Monday, December 31, 2007

The Bolivar Gets a Face Lift

And a few zeros lopped off of the currency. Read the article from the AP in the Houston Chronicle.

By lopping off 3 zeros from the currency, now the official exchange rate between the 'bolivar fuerte' and the dollar will be 2.15:1 instead of 2,150:1. Also now bills bigger than Bs. 100 will be printed. And I've also heard that the locha (12.5 centavos) is making a come back? I wonder if the puya is coming back too....

This harkens back to yesteryear when I was a little kid in Venezuela, and the exchange rate was Bs. 4.28 to $1. Of course, that was back during the Jimmy Carter administration and oil prices were high, and Venezuela wasn't fighting inflation like it is now. (Funny, oil prices are high again, but Venezuela is fighting inflation this time around. Wonder who screwed up that economic model. Could it be the economic genious of El Burro?)

I can remember buying Matchbox cars on my allowance for about Bs. 4 or maybe a little less. Ice cream was like a real y medio (75 centavos). I don't remember usng the locha very much, but I did use medios (25 centavos), reales (50 centavos), as well as Bs. 1, Bs. 2, and Bs. 5 coins. And of course, to see a Bs. 10 or 20 bill wasn't as big of thing as seeing a Bs. 100 bill. When I was a kid, that was a big deal.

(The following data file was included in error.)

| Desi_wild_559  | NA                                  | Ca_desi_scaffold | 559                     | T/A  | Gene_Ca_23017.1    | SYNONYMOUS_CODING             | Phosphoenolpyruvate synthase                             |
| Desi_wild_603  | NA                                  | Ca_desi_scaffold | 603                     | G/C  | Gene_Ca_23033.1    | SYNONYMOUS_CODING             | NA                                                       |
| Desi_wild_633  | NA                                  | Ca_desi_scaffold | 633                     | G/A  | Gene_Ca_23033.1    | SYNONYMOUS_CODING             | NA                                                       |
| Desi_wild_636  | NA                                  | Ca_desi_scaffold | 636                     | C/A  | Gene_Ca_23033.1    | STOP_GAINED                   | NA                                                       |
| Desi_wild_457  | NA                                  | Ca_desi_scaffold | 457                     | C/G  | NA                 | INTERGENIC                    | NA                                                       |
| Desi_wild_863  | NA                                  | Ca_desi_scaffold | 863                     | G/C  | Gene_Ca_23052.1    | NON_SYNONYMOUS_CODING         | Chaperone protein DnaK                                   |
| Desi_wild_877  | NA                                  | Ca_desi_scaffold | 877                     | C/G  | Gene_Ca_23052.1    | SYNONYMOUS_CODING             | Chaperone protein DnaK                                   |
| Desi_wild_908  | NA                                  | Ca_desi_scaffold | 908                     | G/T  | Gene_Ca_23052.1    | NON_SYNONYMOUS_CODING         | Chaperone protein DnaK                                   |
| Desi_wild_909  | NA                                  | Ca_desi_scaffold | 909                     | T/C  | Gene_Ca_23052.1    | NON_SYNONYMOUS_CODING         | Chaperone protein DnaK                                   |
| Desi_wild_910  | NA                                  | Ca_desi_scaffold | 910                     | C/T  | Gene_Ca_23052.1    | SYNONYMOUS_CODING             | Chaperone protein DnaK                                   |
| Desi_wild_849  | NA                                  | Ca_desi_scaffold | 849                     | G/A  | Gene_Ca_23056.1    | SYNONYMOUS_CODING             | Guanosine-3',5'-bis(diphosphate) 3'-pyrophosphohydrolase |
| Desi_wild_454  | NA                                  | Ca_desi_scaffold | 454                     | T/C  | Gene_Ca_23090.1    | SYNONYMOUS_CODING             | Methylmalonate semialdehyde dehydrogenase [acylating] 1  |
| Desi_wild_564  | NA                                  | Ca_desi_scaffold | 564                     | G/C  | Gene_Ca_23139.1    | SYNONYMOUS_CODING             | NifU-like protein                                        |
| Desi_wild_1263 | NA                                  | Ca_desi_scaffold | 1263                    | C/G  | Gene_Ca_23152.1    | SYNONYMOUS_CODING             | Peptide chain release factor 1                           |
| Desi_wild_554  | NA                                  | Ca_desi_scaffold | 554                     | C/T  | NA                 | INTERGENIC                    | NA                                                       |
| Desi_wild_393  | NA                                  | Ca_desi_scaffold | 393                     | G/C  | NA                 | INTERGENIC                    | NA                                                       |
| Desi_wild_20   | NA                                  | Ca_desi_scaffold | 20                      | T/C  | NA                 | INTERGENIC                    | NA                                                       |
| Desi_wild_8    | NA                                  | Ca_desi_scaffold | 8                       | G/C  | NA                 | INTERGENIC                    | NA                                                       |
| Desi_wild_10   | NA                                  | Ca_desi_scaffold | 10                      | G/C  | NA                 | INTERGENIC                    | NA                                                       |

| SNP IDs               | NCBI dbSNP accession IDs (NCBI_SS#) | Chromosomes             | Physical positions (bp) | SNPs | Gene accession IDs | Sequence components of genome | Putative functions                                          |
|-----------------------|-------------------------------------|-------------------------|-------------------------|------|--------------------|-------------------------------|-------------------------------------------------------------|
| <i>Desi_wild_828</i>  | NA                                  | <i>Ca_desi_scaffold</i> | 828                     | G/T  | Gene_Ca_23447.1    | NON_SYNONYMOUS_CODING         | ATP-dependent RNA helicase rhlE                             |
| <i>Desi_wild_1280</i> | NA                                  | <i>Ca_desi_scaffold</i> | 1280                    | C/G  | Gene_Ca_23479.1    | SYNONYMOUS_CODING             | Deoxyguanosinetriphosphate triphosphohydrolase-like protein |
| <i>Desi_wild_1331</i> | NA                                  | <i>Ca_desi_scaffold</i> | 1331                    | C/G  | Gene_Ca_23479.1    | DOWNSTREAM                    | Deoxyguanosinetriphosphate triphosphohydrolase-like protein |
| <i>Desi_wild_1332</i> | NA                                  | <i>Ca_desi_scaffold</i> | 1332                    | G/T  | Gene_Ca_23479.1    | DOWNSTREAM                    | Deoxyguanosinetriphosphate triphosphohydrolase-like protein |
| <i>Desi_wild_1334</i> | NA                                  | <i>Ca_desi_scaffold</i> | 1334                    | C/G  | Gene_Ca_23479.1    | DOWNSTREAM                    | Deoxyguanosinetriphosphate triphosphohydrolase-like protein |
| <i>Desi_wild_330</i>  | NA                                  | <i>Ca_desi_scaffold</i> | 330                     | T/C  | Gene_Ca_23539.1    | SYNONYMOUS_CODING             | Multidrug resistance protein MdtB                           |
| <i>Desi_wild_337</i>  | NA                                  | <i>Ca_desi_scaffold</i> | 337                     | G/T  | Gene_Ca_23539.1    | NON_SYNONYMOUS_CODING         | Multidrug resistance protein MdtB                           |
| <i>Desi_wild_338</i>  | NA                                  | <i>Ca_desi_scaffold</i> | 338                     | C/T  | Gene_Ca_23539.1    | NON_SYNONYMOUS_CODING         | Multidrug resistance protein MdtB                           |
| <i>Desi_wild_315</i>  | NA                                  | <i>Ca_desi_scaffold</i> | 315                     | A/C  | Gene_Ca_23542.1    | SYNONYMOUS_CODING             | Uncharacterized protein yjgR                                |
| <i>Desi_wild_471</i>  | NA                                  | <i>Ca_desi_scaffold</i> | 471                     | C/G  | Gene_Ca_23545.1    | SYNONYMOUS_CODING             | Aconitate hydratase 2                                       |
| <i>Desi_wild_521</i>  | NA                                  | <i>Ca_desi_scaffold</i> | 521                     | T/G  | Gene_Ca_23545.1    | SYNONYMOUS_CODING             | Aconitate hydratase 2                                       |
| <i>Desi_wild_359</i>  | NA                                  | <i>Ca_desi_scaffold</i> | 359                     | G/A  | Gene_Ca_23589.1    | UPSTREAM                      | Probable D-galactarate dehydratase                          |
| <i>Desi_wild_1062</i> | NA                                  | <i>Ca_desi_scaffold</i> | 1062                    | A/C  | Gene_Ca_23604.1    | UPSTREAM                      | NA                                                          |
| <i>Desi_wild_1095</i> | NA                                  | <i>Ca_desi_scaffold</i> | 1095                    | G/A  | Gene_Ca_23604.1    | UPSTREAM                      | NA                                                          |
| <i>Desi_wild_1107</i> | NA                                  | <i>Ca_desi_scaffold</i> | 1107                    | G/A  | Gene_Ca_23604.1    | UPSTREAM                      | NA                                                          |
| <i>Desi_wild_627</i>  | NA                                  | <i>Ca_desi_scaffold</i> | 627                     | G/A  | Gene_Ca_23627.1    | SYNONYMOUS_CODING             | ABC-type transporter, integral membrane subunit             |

In high school, the Bolivar went on a floating exchange rate. I remember the exchange rate popped up to 7 bolivares to a dollar and fluctuated there for a bit. I think it hit roughly 12:1 by the time I left Venezuela. By then, I was carrying around Bs. 100 bills, as prices went up for things I wanted to buy at the Japonesa.

Maybe Chavez wants to bring back the old days, so he figured he'd simply change the currency back to when he was a kid. He wants to yell "Heladero!" for the ice cream man and not have to pull out a wad of bills to buy a Tio Rico cone. He wants to be able to buy Chicle for a real, or a cafe con leche for a couple bolivares.

And he may be able to do that with the 'bolivar fuerte'. But the 'strong bolivar' is strong in name only as the article points out.

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